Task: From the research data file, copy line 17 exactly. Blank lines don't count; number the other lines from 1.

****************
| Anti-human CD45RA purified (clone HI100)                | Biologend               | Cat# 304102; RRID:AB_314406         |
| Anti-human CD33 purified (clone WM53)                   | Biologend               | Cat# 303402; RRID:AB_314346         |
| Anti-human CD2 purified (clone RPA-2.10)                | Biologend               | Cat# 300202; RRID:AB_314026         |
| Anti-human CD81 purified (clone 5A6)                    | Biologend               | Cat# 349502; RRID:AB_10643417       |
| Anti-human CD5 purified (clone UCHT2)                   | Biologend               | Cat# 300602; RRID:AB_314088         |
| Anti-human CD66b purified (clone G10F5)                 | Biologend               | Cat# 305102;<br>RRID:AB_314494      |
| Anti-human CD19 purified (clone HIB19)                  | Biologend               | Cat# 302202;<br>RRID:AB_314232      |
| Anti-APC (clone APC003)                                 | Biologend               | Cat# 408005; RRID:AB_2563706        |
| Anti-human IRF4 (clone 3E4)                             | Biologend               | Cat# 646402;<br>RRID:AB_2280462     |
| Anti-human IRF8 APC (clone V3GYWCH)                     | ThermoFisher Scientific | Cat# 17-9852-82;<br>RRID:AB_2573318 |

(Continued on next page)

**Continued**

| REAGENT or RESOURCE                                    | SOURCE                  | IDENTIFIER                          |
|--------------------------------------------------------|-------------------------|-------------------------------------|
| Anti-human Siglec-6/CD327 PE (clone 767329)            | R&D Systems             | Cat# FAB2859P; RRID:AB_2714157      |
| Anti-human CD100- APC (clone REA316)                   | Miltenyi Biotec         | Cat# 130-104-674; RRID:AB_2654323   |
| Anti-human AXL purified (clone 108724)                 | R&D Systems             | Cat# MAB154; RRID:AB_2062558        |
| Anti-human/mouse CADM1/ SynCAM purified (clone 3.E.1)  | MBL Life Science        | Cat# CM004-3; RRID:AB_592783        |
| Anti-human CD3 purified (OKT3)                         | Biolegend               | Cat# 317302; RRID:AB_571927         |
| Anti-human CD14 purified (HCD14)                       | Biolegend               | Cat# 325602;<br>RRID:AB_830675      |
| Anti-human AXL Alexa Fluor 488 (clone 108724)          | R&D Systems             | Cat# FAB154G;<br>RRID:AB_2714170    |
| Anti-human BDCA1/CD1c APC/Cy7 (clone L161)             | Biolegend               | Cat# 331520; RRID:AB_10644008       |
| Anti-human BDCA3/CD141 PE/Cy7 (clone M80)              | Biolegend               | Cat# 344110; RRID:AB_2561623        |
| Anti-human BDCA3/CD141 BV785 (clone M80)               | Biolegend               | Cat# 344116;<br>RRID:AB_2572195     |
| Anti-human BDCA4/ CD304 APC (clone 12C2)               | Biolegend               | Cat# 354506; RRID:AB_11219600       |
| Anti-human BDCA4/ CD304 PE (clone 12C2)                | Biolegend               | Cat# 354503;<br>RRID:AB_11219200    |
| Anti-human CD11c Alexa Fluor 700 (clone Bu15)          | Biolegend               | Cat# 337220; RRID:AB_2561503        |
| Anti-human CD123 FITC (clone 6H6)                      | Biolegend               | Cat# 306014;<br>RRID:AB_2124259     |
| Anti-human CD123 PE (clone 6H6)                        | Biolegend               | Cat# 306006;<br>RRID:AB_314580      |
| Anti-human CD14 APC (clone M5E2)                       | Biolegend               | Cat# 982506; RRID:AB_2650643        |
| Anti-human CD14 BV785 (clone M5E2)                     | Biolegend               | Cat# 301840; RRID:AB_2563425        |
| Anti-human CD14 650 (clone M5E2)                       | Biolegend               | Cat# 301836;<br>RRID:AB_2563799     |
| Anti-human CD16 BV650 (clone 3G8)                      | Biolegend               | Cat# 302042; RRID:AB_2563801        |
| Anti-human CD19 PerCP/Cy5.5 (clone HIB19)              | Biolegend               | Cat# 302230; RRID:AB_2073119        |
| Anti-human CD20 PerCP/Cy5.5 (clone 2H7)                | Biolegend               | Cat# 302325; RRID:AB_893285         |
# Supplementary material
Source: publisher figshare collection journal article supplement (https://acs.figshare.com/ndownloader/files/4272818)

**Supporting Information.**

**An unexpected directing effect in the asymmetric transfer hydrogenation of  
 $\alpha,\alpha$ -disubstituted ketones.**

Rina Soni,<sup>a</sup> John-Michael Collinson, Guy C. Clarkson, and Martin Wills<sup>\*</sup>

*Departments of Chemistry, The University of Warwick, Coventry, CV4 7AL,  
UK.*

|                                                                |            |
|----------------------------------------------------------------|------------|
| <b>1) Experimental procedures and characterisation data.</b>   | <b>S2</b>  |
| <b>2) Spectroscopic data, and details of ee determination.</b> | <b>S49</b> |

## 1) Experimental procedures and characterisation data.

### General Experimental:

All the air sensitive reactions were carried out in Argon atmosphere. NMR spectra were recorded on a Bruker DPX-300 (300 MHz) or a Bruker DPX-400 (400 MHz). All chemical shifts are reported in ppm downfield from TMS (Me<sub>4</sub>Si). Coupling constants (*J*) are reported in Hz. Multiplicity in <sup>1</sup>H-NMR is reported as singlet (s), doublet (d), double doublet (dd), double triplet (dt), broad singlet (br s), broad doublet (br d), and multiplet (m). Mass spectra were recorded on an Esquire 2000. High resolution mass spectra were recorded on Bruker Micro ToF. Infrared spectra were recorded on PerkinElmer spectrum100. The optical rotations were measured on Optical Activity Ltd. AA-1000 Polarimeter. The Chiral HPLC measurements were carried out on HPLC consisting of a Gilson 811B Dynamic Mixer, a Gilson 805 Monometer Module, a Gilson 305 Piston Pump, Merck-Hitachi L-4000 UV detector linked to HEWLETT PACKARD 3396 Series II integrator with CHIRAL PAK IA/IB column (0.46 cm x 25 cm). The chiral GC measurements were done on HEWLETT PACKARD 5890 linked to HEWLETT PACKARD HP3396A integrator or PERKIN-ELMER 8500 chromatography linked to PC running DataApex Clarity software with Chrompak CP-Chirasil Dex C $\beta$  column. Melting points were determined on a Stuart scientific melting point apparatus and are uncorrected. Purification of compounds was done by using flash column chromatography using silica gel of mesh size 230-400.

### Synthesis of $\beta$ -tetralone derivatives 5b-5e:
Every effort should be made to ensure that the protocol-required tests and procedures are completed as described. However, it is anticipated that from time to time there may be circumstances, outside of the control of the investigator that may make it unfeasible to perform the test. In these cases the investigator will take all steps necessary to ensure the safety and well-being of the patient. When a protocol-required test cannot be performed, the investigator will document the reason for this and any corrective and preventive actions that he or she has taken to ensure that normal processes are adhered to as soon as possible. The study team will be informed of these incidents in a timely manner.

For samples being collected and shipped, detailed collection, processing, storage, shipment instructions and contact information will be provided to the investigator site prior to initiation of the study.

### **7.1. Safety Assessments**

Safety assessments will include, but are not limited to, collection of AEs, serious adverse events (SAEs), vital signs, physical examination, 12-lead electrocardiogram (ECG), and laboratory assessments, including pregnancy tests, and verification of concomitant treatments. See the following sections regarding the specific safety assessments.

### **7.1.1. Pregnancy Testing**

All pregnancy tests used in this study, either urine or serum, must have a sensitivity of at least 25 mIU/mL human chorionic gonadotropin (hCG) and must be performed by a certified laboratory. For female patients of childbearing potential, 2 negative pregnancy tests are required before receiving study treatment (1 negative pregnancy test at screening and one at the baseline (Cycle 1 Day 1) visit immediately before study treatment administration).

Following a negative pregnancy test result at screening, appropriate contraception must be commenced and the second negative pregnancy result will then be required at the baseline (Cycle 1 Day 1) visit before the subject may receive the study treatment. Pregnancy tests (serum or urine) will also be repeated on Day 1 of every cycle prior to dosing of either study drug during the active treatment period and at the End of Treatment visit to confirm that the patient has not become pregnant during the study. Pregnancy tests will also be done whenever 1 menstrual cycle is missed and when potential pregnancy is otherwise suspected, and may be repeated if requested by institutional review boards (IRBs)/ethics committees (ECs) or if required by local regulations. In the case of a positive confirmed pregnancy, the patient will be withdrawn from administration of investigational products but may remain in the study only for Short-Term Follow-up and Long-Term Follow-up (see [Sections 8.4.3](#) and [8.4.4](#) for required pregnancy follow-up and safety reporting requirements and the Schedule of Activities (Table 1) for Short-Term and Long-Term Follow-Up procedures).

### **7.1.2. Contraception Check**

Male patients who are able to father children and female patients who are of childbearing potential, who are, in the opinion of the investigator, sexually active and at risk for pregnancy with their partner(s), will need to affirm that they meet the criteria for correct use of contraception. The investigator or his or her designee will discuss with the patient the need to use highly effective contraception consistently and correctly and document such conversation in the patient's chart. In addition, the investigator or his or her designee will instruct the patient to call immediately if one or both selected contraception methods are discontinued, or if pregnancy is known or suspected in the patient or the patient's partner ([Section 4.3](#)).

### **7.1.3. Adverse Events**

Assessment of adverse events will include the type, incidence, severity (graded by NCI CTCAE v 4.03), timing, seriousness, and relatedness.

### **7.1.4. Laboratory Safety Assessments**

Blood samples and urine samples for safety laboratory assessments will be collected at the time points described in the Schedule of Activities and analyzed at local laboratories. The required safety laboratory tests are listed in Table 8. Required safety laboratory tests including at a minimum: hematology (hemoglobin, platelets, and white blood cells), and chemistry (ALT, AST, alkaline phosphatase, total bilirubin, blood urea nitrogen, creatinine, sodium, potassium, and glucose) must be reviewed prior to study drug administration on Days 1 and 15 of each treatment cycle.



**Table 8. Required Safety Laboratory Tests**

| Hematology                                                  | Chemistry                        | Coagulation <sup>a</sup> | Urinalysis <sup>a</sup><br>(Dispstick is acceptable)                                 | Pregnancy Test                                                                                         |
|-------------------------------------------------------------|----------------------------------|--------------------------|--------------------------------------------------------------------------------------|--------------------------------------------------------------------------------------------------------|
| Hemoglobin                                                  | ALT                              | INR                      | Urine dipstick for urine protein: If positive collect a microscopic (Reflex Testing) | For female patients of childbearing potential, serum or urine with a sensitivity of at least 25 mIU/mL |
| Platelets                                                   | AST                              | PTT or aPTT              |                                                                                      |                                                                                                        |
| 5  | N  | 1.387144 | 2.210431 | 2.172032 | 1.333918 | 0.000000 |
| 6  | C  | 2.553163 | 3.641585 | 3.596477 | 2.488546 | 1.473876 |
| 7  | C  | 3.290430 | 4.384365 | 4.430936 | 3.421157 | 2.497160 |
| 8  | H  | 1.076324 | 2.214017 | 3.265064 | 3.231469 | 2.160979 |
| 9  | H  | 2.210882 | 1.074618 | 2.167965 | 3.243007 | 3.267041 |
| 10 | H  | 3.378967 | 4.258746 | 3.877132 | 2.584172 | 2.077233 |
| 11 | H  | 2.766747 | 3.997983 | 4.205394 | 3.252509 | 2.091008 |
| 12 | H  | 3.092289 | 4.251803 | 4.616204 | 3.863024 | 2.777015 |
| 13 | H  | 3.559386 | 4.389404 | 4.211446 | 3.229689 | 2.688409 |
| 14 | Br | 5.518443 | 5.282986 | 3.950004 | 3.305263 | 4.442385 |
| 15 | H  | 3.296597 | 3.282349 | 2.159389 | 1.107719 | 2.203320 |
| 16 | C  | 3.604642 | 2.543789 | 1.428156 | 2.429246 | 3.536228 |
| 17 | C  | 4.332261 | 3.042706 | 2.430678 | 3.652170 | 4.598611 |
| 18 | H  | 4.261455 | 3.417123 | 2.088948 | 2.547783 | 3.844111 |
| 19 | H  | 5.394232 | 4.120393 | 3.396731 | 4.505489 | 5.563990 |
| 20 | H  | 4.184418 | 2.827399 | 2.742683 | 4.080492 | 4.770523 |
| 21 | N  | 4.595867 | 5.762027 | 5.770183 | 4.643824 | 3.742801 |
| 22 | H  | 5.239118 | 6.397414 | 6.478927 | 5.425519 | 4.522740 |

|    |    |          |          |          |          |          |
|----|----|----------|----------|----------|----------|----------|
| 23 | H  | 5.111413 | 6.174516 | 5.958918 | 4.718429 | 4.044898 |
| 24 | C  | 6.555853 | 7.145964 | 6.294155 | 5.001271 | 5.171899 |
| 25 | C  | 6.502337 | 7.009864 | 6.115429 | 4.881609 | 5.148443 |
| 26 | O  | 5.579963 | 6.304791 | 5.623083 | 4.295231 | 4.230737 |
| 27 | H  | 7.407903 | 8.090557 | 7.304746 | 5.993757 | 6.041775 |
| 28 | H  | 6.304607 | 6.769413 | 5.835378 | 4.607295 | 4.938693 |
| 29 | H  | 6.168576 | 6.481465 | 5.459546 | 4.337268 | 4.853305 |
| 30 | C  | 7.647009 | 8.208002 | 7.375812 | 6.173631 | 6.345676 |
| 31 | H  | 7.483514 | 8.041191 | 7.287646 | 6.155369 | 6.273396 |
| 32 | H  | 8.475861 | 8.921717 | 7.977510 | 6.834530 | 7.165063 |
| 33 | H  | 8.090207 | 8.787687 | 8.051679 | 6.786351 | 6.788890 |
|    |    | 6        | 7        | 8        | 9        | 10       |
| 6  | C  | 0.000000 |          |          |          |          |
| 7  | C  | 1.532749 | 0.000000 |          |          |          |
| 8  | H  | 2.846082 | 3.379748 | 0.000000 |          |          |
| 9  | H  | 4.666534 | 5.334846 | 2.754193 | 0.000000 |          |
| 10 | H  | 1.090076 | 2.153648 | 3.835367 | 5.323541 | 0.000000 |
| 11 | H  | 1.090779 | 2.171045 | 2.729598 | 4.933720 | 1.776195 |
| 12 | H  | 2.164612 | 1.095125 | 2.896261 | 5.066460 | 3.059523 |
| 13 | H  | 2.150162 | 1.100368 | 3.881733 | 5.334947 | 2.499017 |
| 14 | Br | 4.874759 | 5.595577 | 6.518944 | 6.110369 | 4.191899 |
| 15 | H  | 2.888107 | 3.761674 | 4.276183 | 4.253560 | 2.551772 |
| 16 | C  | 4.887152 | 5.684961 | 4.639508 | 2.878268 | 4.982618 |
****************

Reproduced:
| Anti-human AXL purified (clone 108724)                 | R&D Systems             | Cat# MAB154; RRID:AB_2062558        |